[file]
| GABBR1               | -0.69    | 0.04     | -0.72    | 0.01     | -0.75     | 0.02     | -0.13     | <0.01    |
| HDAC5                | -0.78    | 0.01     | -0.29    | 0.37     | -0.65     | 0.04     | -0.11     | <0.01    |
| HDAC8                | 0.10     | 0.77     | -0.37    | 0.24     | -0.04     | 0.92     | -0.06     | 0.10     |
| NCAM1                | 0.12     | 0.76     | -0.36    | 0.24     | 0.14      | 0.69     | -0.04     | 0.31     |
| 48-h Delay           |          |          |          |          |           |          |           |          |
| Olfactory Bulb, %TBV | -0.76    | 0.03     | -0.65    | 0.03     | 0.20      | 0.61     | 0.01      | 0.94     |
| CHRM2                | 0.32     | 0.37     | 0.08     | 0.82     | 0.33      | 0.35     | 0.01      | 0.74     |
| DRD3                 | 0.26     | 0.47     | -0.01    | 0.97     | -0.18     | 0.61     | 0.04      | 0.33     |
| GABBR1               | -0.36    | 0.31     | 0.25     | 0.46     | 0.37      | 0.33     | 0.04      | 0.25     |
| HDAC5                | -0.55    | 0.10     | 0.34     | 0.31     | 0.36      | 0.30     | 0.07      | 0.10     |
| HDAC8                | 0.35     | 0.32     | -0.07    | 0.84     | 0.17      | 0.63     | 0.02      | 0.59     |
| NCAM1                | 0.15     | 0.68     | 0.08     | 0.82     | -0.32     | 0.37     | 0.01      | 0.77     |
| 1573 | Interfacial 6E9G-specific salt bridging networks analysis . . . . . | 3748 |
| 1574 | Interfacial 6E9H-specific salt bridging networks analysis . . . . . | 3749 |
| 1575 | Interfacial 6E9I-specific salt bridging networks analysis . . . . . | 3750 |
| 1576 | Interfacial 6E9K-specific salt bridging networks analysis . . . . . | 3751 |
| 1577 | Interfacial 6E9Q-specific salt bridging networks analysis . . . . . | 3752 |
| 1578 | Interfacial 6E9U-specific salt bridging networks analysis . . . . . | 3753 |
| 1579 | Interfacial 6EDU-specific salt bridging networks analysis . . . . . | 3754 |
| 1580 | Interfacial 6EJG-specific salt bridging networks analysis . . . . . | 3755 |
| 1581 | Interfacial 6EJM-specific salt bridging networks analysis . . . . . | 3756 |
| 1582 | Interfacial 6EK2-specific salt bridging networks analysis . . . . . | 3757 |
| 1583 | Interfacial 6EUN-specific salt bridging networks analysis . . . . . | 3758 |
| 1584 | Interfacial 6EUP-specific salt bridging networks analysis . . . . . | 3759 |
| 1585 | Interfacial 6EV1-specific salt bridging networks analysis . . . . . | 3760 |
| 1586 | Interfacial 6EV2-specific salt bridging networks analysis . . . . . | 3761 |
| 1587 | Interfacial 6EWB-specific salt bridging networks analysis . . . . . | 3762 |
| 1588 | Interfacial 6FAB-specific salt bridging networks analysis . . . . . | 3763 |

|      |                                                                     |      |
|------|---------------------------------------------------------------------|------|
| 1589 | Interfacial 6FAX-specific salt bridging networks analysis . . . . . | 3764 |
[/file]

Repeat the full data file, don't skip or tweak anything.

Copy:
| GABBR1               | -0.69    | 0.04     | -0.72    | 0.01     | -0.75     | 0.02     | -0.13     | <0.01    |
| HDAC5                | -0.78    | 0.01     | -0.29    | 0.37     | -0.65     | 0.04     | -0.11     | <0.01    |
| HDAC8                | 0.10     | 0.77     | -0.37    | 0.24     | -0.04     | 0.92     | -0.06     | 0.10     |
| NCAM1                | 0.12     | 0.76     | -0.36    | 0.24     | 0.14      | 0.69     | -0.04     | 0.31     |
| 48-h Delay           |          |          |          |          |           |          |           |          |
| Olfactory Bulb, %TBV | -0.76    | 0.03     | -0.65    | 0.03     | 0.20      | 0.61     | 0.01      | 0.94     |
| CHRM2                | 0.32     | 0.37     | 0.08     | 0.82     | 0.33      | 0.35     | 0.01      | 0.74     |
| DRD3                 | 0.26     | 0.47     | -0.01    | 0.97     | -0.18     | 0.61     | 0.04      | 0.33     |
| GABBR1               | -0.36    | 0.31     | 0.25     | 0.46     | 0.37      | 0.33     | 0.04      | 0.25     |
| HDAC5                | -0.55    | 0.10     | 0.34     | 0.31     | 0.36      | 0.30     | 0.07      | 0.10     |
| HDAC8                | 0.35     | 0.32     | -0.07    | 0.84     | 0.17      | 0.63     | 0.02      | 0.59     |
| NCAM1                | 0.15     | 0.68     | 0.08     | 0.82     | -0.32     | 0.37     | 0.01      | 0.77     |
| 1573 | Interfacial 6E9G-specific salt bridging networks analysis . . . . . | 3748 |
| 1574 | Interfacial 6E9H-specific salt bridging networks analysis . . . . . | 3749 |
| 1575 | Interfacial 6E9I-specific salt bridging networks analysis . . . . . | 3750 |
| 1576 | Interfacial 6E9K-specific salt bridging networks analysis . . . . . | 3751 |
| 1577 | Interfacial 6E9Q-specific salt bridging networks analysis . . . . . | 3752 |
| 1578 | Interfacial 6E9U-specific salt bridging networks analysis . . . . . | 3753 |
| 1579 | Interfacial 6EDU-specific salt bridging networks analysis . . . . . | 3754 |
| 1580 | Interfacial 6EJG-specific salt bridging networks analysis . . . . . | 3755 |
| 1581 | Interfacial 6EJM-specific salt bridging networks analysis . . . . . | 3756 |
| 1582 | Interfacial 6EK2-specific salt bridging networks analysis . . . . . | 3757 |
| 1583 | Interfacial 6EUN-specific salt bridging networks analysis . . . . . | 3758 |
| 1584 | Interfacial 6EUP-specific salt bridging networks analysis . . . . . | 3759 |
| 1585 | Interfacial 6EV1-specific salt bridging networks analysis . . . . . | 3760 |
| 1586 | Interfacial 6EV2-specific salt bridging networks analysis . . . . . | 3761 |
| 1587 | Interfacial 6EWB-specific salt bridging networks analysis . . . . . | 3762 |
| 1588 | Interfacial 6FAB-specific salt bridging networks analysis . . . . . | 3763 |

|      |                                                                     |      |
|------|---------------------------------------------------------------------|------|
| 1589 | Interfacial 6FAX-specific salt bridging networks analysis . . . . . | 3764 |